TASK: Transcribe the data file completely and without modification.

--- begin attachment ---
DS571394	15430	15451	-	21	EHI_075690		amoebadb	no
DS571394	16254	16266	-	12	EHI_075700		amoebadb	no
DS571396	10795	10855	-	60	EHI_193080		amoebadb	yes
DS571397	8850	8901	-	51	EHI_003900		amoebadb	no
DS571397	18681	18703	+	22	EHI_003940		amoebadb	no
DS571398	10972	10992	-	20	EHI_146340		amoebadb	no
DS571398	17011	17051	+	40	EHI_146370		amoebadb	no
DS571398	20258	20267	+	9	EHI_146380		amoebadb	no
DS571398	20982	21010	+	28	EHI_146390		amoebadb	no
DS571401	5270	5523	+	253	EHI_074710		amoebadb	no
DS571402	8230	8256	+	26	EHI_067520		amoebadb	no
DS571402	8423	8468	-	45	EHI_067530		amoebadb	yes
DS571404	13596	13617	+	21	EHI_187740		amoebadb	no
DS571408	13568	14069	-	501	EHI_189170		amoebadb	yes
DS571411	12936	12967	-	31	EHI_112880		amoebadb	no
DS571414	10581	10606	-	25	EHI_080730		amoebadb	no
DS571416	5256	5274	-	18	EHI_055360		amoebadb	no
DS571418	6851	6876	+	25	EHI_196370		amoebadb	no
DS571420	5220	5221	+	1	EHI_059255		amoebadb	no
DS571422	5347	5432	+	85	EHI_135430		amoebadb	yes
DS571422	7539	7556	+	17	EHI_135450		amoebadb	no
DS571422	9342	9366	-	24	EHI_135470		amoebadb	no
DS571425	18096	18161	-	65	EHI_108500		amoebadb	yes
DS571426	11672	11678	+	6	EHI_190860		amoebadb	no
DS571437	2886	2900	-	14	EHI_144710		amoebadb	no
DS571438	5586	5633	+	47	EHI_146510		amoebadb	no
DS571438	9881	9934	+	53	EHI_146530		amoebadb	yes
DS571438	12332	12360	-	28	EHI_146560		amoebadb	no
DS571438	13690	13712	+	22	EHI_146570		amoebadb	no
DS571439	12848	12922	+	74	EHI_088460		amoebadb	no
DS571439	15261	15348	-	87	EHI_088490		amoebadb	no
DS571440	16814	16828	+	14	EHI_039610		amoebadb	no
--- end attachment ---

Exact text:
DS571394	15430	15451	-	21	EHI_075690		amoebadb	no
DS571394	16254	16266	-	12	EHI_075700		amoebadb	no
DS571396	10795	10855	-	60	EHI_193080		amoebadb	yes
DS571397	8850	8901	-	51	EHI_003900		amoebadb	no
DS571397	18681	18703	+	22	EHI_003940		amoebadb	no
DS571398	10972	10992	-	20	EHI_146340		amoebadb	no
DS571398	17011	17051	+	40	EHI_146370		amoebadb	no
DS571398	20258	20267	+	9	EHI_146380		amoebadb	no
DS571398	20982	21010	+	28	EHI_146390		amoebadb	no
DS571401	5270	5523	+	253	EHI_074710		amoebadb	no
DS571402	8230	8256	+	26	EHI_067520		amoebadb	no
DS571402	8423	8468	-	45	EHI_067530		amoebadb	yes
DS571404	13596	13617	+	21	EHI_187740		amoebadb	no
DS571408	13568	14069	-	501	EHI_189170		amoebadb	yes
DS571411	12936	12967	-	31	EHI_112880		amoebadb	no
DS571414	10581	10606	-	25	EHI_080730		amoebadb	no
DS571416	5256	5274	-	18	EHI_055360		amoebadb	no
DS571418	6851	6876	+	25	EHI_196370		amoebadb	no
DS571420	5220	5221	+	1	EHI_059255		amoebadb	no
DS571422	5347	5432	+	85	EHI_135430		amoebadb	yes
DS571422	7539	7556	+	17	EHI_135450		amoebadb	no
DS571422	9342	9366	-	24	EHI_135470		amoebadb	no
DS571425	18096	18161	-	65	EHI_108500		amoebadb	yes
DS571426	11672	11678	+	6	EHI_190860		amoebadb	no
DS571437	2886	2900	-	14	EHI_144710		amoebadb	no
DS571438	5586	5633	+	47	EHI_146510		amoebadb	no
DS571438	9881	9934	+	53	EHI_146530		amoebadb	yes
DS571438	12332	12360	-	28	EHI_146560		amoebadb	no
DS571438	13690	13712	+	22	EHI_146570		amoebadb	no
DS571439	12848	12922	+	74	EHI_088460		amoebadb	no
DS571439	15261	15348	-	87	EHI_088490		amoebadb	no
DS571440	16814	16828	+	14	EHI_039610		amoebadb	no